Caring For Your Digital Prints; The Do's & Don'ts For Handling, Storage, And Framing
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Your image is perfected. You've
chosen the perfect paper for the job. Thanks to meticulous color management
and ICC profiles, your printer is creating the image exactly the way you envisioned
it. In a few minutes, your final print will be completed. Your job is done.
Or is it?
Like any other medium, digital art papers have their own do's and don'ts for handling, storage, and framing. Unfortunately, these simple rules haven't gotten enough attention. The following guidelines are based on recommendations from some of the world's leading paper mills, equipment manufacturers, and print ateliers.
Handling & Storage
Before Printing: Some papers tend to be more delicate than others, but they should all be handled with care. As with traditional photographic papers, it is best to keep the paper in its original packaging until needed. Handle the paper with care to avoid damaging the coated surface (print side) as oils from the skin could be absorbed into the coating, which would have an adverse effect on the print quality. Always handle the paper by the edges or underside.
During Printing: Carl Corey of GalleryPrint, a fine art publisher and printmaker based in Minnesota, recommends allowing for a 1" minimum border, as the edges of the paper are most susceptible to atmospheric contamination. Corey advises: "This allows for the printed area to remain safe within the 1" buffer. I recommend wearing cotton gloves and cleaning your hands regularly...especially with gloss and semigloss substrates."
After Printing: As with other media, ink jet prints should be allowed to dry completely before handling. Do not stack freshly printed sheets in a pile. Once dry, use an archival interleaving sheet between each print to prevent scuffing.
Coated ink jet papers can react to plasticizers, producing a transient yellow cast. When using any 100 percent cotton papers, such as Somerset Enhanced or Arches Infinity, do not seal them in polythene bags. If the dried prints must be stored in plastic bags at any point, use bags that do not contain plasticizers. Additionally, certain materials (including certain tapes and dry mounting film) contain plasticizers and can cause temporary discoloration. If yellowing is experienced, exposing the print to open air for a short period of time will usually reverse the discoloration.
Digital fine art papers can also react to solvents stored nearby. Depending on the nature of the solvent, prints may temporarily yellow. As with any artwork, it is important to be aware of your environment when storing prints. According to Corey, "It is best to avoid wood flat files as the varnish and glues used may contain plasticizers and thus can have an adverse effect on your prints."
Matting & Framing
You've produced a masterpiece and want to have it framed. Now it's time to put your image onto the matte. It's important that both the mount and matte should be made of archival quality products. I usually recommend using 100 percent cotton Rising Museum Board for mounting prints.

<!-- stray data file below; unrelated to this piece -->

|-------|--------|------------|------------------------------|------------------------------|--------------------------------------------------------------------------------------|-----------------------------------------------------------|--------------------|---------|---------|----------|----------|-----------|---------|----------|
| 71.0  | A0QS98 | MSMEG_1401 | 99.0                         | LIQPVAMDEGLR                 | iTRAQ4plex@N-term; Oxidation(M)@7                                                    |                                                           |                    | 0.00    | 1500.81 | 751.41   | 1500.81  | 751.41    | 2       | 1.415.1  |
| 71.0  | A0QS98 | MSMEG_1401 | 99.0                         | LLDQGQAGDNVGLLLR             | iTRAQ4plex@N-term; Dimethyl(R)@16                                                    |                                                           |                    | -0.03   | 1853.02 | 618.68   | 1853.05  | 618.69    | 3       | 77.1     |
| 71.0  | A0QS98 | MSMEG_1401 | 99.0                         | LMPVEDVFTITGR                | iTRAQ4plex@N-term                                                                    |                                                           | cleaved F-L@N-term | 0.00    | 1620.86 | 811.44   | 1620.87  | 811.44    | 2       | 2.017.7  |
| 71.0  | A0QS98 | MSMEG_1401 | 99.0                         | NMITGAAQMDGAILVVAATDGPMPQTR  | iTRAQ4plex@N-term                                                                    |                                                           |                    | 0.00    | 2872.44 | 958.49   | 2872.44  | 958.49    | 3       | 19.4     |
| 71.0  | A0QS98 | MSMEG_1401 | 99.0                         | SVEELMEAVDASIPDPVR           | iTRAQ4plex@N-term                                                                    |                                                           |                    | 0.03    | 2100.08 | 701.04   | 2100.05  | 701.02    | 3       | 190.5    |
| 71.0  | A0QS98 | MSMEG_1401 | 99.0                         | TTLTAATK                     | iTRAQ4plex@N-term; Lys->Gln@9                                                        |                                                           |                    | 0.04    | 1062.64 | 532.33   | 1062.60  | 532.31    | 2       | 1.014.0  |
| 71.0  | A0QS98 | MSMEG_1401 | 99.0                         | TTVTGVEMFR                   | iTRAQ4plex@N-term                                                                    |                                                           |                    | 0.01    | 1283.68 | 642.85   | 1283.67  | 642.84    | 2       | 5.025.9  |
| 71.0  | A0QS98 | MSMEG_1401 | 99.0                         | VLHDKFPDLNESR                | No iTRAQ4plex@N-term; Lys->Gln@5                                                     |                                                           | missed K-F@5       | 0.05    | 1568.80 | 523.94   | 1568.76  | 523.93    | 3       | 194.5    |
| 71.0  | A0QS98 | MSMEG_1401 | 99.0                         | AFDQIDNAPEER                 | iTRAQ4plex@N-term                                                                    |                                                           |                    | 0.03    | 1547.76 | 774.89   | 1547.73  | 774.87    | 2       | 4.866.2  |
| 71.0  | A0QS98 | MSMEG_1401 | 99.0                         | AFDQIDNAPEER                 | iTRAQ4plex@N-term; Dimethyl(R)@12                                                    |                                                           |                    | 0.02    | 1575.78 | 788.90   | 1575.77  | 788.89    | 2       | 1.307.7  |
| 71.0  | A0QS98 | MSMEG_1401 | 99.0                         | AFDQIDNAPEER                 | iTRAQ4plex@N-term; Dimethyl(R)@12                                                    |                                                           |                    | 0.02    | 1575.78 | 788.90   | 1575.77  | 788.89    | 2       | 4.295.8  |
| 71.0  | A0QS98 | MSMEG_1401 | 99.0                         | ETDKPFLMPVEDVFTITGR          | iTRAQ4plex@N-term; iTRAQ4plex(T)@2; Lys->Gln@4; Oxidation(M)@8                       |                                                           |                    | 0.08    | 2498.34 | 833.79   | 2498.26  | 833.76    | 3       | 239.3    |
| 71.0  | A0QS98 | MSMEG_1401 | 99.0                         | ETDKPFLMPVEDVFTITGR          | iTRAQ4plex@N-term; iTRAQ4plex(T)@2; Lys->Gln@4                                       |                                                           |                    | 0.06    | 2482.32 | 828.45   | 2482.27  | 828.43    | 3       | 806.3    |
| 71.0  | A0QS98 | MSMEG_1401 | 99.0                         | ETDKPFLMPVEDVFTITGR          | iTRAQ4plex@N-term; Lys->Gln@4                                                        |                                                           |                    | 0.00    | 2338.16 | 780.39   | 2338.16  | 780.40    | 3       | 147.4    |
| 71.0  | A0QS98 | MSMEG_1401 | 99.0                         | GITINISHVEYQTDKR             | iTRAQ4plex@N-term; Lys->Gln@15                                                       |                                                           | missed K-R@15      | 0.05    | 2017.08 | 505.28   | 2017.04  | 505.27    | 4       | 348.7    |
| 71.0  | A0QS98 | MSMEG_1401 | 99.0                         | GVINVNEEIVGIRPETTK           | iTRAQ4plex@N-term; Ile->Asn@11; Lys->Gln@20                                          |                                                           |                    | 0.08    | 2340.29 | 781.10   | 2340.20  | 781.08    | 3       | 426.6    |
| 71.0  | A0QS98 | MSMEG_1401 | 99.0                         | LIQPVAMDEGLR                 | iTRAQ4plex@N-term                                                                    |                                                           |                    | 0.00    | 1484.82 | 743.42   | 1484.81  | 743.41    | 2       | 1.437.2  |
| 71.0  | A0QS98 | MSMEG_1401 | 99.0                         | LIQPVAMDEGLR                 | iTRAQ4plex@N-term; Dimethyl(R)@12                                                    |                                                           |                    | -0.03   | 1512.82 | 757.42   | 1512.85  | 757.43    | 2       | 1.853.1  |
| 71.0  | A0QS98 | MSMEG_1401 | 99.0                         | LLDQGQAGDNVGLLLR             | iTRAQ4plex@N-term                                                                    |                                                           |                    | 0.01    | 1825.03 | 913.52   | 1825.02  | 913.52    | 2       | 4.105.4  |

Diane Day, of the Professional Picture Framers Association, recommends the following: "First, never expose your printed image to heat, as many inks are heat sensitive. This means that dry mounting should be crossed off your list. Also on this list is spray mounting. Many types of ink are sensitive to moisture. [Some inks are so sensitive that sneezing or even breathing close enough to an image could cause it to bleed.] Third, do not use any tape to adhere the picture to the mounting board as the adhesive in the tape can cause damage to the edges of the picture."
So what exactly can you do? Day recommends using edge strips or corner pockets. Edge strips can be made of Japanese paper or, more commonly, of polyester film. A number of companies manufacture commercial edge strips, commonly known as Mylar D or Melinex. These strips adhere to the mounting board around the edge of the picture that will be framed. The picture can be slipped in and out of these strips without damage.
Corner pockets are similar to ones you may remember from older photo albums. Fit the corners of your picture into the four pockets and you're set to go.
Corey adds, "There are archival adhesive double-stick tapes approved for museum use as well as bookbinder's tape which can be used with no ill effect. It's important to secure only the top edge of the print to allow for expansion/contraction of the print."
Displaying Your Image
The three most important environmental factors in displaying prints are light, relative humidity, and temperature. Both visible and ultraviolet light can deteriorate digital images. UV filtered glass can greatly reduce the adverse effects of light on ink jet printed digital images. Extremes of humidity and temperature should be avoided.
According to Corey, "Spraying a print with a protective coating has been shown to protect it from scratching and, on some substrates, enhance detail. There is no appreciable increase in longevity derived from spray coating a print. In my experience, some sprays actually decrease the print life. Always test a spray coating first." When printing on canvas, Corey strongly recommends spraying the print. Spraying usually requires that a profile be written to accommodate for the spray's effect on the print.
Many of these recommendations should be familiar to those of you used to working with traditional photographic paper and prints. As each new technology brings us more opportunity and flexibility, they also bring different challenges for caring for your media and your prints.
About Legion Paper
Legion Paper is a leading distributor of fine art, digital, and decorative papers, including Somerset, Concorde Rag, Arches Infinity, and the Legion Photo line of papers.
Joshua Levine is Executive VP of Operations for Legion Paper (www.legionpaper.com).